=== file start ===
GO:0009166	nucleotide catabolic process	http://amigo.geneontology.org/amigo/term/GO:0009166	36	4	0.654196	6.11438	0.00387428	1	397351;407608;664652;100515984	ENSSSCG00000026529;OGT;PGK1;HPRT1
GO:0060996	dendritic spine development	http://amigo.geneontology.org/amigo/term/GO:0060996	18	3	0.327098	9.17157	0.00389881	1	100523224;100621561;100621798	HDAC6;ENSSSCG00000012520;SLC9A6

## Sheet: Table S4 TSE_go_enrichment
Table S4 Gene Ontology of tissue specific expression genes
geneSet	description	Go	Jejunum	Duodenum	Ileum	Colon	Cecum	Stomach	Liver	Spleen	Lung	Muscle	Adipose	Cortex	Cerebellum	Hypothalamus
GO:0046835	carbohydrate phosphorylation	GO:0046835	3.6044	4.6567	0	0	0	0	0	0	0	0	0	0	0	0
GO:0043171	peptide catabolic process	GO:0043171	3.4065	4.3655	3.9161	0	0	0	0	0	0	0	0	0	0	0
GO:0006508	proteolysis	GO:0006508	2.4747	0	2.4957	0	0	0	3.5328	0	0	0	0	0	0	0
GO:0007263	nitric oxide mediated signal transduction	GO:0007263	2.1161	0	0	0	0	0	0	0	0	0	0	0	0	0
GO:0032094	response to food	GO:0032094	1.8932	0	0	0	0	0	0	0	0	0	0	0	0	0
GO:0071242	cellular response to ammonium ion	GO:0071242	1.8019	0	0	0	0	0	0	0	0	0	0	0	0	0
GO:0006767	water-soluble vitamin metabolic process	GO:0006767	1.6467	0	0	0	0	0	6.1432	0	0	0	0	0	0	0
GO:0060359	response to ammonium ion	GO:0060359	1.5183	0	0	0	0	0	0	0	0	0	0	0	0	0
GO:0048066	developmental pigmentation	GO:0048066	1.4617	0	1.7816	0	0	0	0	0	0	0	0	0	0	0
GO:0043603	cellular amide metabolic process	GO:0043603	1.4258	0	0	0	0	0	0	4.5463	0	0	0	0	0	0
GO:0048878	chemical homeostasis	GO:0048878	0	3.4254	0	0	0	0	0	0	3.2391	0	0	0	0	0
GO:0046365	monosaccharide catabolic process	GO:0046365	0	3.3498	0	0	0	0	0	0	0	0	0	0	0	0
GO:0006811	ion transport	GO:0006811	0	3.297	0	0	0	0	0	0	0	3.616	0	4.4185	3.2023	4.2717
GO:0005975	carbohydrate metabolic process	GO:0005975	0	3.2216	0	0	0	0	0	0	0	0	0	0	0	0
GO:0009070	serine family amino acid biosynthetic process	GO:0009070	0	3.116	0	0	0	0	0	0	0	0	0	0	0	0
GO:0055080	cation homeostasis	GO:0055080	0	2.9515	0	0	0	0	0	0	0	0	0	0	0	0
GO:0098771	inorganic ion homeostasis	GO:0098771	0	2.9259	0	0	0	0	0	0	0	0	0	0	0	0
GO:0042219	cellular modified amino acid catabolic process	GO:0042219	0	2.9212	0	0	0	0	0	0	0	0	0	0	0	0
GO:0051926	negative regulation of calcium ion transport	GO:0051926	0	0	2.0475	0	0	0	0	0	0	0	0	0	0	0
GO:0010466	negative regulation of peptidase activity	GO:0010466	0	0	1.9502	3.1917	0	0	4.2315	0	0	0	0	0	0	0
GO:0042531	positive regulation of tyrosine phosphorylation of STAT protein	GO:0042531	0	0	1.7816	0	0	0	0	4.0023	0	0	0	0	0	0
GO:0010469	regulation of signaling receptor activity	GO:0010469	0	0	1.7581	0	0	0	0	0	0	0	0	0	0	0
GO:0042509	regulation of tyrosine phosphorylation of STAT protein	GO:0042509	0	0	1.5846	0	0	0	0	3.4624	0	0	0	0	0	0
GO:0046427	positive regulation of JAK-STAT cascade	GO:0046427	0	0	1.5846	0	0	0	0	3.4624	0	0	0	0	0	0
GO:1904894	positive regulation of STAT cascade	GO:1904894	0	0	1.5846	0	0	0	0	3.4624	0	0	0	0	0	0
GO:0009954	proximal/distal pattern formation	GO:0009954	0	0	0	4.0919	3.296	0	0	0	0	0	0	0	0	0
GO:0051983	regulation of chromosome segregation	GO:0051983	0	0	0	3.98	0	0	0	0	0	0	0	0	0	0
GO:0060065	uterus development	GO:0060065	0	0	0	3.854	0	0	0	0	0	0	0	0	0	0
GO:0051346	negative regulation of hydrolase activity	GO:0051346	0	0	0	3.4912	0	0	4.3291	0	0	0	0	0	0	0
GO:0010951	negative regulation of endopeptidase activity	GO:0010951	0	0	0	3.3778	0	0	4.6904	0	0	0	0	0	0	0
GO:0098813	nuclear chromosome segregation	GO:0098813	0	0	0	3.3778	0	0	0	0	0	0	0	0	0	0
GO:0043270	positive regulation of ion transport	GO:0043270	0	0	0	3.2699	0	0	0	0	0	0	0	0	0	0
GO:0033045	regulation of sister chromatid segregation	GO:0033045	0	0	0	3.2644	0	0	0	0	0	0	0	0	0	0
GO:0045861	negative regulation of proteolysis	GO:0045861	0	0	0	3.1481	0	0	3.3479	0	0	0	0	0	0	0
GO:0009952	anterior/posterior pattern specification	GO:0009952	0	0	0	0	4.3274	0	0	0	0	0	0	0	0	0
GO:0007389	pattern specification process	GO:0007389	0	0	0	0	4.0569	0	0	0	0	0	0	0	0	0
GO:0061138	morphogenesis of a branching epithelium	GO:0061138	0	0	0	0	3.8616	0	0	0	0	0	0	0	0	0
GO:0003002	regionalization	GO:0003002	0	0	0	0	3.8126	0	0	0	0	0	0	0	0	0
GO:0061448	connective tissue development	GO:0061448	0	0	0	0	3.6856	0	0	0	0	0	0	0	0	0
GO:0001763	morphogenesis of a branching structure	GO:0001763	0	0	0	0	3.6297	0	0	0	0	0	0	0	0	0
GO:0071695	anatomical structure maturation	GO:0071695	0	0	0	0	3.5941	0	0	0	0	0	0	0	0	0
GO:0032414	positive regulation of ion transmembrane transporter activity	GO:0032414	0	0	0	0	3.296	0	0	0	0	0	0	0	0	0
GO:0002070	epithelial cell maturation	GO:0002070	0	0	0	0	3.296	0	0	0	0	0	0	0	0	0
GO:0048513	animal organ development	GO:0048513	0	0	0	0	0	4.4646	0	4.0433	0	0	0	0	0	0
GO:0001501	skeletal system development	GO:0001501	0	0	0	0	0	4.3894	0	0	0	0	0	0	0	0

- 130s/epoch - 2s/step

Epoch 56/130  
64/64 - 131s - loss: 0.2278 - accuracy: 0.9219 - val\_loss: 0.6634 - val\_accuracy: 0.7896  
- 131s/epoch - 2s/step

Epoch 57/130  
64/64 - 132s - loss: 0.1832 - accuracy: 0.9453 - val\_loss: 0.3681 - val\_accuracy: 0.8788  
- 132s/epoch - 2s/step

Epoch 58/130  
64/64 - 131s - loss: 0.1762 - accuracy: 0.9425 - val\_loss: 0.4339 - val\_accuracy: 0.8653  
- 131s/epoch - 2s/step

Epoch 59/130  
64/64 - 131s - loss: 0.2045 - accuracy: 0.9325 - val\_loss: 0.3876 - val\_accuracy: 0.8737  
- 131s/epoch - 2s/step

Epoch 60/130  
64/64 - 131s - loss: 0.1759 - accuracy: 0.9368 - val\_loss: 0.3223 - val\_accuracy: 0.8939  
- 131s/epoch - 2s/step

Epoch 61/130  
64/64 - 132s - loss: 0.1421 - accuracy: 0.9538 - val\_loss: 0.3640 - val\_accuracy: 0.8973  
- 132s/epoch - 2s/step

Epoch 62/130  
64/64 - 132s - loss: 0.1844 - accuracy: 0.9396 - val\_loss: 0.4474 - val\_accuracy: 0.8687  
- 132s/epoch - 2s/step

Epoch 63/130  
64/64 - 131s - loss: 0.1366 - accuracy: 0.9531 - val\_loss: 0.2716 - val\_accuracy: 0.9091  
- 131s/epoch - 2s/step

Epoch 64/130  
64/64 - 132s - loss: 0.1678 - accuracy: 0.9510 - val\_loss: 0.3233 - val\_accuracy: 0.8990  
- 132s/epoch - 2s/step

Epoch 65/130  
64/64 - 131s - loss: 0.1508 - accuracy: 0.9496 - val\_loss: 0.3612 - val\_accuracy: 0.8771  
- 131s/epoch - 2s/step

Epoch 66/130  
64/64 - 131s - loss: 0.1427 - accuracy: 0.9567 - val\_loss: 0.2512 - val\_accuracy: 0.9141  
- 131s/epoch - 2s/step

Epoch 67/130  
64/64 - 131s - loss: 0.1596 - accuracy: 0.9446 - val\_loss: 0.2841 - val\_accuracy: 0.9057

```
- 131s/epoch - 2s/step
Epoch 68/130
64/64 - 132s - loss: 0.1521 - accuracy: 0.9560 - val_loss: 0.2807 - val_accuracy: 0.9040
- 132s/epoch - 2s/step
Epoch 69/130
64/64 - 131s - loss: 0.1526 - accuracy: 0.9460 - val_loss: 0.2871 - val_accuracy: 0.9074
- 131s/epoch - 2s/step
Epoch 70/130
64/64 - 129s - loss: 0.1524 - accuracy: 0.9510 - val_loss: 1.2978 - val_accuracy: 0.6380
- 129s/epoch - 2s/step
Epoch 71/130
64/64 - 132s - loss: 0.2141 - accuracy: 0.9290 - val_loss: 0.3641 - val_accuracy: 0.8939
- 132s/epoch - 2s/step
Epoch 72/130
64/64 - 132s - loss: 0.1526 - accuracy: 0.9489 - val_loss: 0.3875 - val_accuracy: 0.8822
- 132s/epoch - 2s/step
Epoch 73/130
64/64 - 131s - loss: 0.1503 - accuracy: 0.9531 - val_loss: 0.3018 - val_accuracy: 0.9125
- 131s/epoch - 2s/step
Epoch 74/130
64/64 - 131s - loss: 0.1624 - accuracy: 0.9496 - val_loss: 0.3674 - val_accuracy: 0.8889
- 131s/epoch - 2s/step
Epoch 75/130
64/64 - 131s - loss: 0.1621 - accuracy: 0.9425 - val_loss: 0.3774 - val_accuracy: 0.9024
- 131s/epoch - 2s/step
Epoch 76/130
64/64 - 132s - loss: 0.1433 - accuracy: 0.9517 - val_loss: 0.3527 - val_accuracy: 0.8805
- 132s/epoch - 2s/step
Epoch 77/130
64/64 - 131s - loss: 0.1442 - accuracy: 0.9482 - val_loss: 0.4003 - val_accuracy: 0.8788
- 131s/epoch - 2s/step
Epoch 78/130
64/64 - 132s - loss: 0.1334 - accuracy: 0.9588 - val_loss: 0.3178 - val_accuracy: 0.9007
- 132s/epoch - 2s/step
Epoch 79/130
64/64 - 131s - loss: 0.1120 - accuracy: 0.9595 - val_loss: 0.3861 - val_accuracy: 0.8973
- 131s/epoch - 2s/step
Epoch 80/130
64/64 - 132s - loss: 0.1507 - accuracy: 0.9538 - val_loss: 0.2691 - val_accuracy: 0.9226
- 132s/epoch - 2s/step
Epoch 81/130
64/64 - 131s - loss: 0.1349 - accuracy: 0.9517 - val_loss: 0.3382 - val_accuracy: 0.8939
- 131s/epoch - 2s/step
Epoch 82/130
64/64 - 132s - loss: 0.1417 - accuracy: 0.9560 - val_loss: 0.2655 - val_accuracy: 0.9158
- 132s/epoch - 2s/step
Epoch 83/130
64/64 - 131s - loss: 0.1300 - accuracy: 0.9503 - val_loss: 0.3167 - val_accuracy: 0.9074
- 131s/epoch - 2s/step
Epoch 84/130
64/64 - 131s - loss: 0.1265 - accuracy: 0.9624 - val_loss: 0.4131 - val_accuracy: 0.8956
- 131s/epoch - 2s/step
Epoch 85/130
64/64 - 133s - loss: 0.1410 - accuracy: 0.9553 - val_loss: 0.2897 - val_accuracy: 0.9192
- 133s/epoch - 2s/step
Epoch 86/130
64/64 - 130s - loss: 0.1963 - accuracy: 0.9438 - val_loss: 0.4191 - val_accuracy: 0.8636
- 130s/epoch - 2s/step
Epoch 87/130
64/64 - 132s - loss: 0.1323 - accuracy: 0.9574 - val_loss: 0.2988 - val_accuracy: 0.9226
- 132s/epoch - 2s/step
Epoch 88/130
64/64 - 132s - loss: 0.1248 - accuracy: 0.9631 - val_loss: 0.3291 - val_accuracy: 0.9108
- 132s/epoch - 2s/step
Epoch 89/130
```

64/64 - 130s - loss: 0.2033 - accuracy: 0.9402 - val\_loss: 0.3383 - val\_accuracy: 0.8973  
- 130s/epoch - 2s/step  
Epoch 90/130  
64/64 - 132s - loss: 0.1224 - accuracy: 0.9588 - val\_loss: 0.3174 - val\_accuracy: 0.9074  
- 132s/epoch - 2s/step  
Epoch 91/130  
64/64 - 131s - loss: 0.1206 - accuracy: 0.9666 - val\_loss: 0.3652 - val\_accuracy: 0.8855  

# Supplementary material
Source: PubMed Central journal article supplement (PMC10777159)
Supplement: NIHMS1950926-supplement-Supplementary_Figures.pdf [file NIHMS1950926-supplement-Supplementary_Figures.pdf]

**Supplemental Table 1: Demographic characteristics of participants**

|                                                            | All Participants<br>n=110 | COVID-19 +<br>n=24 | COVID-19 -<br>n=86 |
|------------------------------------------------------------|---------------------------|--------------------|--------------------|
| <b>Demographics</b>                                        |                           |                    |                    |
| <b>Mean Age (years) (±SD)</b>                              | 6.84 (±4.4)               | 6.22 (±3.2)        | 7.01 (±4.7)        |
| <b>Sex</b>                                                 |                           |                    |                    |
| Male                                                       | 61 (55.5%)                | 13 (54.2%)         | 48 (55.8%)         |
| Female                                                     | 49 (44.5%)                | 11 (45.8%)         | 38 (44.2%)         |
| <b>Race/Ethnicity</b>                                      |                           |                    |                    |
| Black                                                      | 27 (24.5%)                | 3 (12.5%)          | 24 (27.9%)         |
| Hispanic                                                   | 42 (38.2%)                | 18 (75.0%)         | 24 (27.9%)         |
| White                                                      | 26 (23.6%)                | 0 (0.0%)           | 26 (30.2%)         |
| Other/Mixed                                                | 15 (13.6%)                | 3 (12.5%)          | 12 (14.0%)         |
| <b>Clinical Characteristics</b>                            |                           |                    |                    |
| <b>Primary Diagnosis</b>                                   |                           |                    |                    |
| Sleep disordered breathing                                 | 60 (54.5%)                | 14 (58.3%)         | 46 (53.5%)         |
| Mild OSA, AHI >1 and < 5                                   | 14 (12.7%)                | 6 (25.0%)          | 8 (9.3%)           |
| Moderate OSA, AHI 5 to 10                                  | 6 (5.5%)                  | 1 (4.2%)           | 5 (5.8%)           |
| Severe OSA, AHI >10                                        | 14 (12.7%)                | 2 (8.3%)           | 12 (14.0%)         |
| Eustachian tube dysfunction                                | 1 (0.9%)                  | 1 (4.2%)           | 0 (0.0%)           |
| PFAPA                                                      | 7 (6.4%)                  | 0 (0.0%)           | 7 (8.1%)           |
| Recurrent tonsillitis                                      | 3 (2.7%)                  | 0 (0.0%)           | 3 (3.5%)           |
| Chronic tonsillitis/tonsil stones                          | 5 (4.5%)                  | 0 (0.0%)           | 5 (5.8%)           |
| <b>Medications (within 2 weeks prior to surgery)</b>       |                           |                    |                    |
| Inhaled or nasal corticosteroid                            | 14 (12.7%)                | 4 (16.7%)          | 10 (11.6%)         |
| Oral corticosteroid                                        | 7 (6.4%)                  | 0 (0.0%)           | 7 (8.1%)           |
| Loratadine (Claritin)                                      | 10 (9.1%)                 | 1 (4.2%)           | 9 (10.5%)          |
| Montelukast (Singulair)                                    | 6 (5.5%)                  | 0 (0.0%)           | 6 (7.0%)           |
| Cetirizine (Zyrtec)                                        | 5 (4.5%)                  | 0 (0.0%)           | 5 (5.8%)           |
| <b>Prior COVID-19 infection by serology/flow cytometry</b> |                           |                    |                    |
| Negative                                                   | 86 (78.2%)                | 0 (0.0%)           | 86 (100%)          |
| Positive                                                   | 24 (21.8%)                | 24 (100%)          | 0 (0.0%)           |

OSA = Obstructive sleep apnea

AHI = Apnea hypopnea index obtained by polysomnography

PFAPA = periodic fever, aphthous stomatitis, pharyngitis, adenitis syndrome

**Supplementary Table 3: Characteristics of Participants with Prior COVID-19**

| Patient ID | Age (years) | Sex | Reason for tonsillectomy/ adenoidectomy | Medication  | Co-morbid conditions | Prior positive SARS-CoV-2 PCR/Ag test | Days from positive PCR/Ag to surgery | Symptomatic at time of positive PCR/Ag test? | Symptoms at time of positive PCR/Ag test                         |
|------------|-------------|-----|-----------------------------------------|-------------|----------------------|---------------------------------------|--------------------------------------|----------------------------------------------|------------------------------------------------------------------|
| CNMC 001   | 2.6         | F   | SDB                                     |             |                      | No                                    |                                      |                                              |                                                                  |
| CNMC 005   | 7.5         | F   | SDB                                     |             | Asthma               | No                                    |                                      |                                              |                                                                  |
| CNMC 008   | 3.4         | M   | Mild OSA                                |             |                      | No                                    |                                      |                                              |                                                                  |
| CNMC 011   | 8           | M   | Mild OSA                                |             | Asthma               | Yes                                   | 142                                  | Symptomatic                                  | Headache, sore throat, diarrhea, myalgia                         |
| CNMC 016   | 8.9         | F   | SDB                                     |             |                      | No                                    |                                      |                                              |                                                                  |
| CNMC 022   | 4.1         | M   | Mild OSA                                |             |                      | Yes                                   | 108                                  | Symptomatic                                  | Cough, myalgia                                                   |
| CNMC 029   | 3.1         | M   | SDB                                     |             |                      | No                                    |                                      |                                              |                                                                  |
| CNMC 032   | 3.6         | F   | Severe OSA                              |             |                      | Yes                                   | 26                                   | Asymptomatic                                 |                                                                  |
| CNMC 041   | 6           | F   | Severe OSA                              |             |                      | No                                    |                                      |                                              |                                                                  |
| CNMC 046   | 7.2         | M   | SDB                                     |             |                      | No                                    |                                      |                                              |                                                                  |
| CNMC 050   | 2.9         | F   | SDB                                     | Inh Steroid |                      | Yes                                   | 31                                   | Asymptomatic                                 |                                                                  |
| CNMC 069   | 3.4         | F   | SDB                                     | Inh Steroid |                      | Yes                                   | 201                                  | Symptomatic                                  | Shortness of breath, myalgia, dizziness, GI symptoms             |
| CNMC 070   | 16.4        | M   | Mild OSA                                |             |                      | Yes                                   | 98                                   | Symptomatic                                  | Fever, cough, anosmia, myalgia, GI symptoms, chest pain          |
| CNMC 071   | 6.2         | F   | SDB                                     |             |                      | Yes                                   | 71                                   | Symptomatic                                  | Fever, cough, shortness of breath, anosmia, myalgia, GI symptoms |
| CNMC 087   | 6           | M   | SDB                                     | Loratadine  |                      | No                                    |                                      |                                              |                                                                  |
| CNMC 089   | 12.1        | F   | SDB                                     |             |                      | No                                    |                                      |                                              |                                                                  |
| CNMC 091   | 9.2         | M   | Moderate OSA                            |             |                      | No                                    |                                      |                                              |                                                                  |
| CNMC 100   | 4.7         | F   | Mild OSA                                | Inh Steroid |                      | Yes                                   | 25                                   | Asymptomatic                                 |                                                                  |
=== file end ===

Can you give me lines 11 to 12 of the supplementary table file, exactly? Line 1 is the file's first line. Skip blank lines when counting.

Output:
GO:0071242	cellular response to ammonium ion	GO:0071242	1.8019	0	0	0	0	0	0	0	0	0	0	0	0	0
GO:0006767	water-soluble vitamin metabolic process	GO:0006767	1.6467	0	0	0	0	0	6.1432	0	0	0	0	0	0	0